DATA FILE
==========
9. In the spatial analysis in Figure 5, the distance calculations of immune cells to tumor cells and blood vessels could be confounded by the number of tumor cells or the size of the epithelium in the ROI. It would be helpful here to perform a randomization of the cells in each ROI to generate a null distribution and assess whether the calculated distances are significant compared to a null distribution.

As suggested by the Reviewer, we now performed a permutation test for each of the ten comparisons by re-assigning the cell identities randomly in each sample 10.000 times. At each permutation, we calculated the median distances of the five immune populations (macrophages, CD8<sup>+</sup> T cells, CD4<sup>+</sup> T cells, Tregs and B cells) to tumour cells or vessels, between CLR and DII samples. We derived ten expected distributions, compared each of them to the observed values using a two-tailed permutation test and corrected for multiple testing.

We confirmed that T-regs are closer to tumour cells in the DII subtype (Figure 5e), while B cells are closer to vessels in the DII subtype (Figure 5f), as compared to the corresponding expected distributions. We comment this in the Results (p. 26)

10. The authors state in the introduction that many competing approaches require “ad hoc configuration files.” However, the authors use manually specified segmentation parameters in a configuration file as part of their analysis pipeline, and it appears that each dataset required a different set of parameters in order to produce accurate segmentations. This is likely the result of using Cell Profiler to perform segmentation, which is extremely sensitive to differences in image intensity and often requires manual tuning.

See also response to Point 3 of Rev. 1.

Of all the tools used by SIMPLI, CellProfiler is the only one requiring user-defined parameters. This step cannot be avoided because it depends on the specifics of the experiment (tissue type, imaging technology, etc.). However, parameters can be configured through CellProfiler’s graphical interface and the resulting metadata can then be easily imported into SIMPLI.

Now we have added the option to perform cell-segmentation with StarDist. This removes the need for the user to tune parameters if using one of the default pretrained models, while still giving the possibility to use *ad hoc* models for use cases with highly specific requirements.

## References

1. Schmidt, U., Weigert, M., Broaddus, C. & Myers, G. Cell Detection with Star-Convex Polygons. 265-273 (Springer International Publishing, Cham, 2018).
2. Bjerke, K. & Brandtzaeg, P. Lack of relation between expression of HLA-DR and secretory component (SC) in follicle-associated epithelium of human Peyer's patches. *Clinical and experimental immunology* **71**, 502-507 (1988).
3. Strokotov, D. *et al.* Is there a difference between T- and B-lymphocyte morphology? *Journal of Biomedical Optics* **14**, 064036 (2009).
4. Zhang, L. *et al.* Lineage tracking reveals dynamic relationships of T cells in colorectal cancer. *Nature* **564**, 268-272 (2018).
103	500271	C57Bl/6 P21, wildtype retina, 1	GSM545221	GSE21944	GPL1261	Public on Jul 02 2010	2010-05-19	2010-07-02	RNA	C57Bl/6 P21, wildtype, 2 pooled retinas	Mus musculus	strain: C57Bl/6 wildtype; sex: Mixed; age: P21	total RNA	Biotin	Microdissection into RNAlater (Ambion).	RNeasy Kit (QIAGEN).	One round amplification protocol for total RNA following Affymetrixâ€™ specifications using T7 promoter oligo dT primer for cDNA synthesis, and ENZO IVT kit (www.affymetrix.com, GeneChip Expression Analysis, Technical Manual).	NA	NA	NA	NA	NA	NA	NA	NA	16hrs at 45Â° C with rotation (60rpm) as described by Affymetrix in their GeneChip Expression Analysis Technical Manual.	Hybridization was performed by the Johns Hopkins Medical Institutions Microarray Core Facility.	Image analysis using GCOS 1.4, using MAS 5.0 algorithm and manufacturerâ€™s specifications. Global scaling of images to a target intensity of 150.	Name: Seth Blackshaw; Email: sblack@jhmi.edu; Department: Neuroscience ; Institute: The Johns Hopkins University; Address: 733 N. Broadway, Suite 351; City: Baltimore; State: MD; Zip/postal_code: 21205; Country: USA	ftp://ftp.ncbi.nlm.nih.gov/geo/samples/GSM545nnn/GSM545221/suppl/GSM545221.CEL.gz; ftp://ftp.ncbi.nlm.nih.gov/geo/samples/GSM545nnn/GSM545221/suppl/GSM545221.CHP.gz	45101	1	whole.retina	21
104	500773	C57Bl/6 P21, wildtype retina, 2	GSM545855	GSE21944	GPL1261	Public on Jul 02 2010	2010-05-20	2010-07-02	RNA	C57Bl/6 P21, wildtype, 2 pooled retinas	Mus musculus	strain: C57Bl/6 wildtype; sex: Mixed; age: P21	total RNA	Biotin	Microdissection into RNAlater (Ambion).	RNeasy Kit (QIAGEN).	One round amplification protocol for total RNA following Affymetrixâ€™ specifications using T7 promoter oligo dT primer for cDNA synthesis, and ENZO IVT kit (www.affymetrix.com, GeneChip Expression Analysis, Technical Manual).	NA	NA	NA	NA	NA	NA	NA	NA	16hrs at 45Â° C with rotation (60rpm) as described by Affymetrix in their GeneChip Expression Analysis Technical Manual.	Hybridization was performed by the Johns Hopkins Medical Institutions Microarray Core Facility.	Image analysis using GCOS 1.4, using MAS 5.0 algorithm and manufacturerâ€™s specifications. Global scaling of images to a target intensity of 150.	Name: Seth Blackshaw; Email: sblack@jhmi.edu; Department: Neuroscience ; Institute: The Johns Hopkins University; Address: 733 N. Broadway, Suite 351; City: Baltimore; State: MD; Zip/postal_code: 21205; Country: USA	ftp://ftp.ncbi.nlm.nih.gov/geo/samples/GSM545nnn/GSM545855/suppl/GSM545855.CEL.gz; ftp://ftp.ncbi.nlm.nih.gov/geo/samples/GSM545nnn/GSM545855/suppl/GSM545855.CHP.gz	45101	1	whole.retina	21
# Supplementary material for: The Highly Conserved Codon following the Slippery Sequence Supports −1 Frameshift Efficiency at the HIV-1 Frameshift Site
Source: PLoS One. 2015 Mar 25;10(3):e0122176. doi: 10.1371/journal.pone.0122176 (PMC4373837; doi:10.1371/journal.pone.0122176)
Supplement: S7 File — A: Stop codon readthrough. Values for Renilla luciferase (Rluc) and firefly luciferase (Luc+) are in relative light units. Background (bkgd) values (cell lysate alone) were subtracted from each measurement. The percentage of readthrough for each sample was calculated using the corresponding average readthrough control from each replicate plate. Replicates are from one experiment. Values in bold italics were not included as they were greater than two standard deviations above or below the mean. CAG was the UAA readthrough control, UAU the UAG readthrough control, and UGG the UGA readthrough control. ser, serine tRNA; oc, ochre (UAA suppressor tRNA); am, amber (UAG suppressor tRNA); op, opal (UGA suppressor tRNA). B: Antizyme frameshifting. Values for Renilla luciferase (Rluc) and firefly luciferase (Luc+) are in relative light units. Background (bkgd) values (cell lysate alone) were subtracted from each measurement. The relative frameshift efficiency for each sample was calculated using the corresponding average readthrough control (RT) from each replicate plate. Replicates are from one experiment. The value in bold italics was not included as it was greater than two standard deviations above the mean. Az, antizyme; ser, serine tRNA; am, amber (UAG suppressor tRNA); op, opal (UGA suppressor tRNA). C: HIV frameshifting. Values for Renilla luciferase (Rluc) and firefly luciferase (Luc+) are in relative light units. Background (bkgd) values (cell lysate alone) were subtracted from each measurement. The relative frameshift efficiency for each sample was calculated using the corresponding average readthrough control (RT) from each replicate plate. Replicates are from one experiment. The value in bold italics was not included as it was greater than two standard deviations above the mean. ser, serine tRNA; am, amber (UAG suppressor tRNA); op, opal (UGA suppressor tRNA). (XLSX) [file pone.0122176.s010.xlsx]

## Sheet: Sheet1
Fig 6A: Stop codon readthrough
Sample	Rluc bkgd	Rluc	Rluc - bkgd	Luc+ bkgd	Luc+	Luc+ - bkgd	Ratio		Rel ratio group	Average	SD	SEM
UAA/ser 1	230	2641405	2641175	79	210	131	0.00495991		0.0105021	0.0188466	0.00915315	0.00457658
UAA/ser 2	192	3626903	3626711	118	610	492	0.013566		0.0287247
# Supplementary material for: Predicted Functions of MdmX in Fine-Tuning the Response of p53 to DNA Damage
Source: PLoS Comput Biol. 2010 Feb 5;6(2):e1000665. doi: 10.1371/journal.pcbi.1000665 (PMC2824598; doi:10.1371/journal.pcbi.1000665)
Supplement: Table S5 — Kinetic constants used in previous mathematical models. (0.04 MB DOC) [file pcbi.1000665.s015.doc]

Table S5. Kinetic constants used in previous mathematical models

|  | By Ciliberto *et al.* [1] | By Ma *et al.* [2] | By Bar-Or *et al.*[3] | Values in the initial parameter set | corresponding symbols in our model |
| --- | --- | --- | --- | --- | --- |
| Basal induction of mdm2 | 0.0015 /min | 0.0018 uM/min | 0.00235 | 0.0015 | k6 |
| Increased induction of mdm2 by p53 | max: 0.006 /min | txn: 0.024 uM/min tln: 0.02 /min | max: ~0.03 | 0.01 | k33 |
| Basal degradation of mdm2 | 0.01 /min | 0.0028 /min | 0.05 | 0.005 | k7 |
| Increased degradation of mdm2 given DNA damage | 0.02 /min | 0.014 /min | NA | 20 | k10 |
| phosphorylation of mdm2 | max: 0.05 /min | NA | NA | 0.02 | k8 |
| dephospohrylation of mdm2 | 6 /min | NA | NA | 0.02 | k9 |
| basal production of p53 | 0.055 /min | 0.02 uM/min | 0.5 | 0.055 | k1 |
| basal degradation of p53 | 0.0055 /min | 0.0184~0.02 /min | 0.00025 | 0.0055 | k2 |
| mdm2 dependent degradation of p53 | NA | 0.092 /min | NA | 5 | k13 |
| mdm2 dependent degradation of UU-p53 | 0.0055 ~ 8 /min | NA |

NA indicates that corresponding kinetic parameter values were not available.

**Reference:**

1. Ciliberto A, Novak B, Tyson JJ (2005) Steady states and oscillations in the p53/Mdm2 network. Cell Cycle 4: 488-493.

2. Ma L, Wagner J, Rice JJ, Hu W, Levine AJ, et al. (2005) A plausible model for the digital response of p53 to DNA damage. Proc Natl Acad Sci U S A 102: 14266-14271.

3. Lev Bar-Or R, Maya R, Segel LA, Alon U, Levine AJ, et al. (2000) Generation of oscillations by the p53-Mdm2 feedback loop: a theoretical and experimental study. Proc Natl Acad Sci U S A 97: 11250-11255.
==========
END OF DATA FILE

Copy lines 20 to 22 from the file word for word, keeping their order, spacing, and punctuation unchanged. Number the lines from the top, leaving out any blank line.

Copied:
Sample	Rluc bkgd	Rluc	Rluc - bkgd	Luc+ bkgd	Luc+	Luc+ - bkgd	Ratio		Rel ratio group	Average	SD	SEM
UAA/ser 1	230	2641405	2641175	79	210	131	0.00495991		0.0105021	0.0188466	0.00915315	0.00457658
UAA/ser 2	192	3626903	3626711	118	610	492	0.013566		0.0287247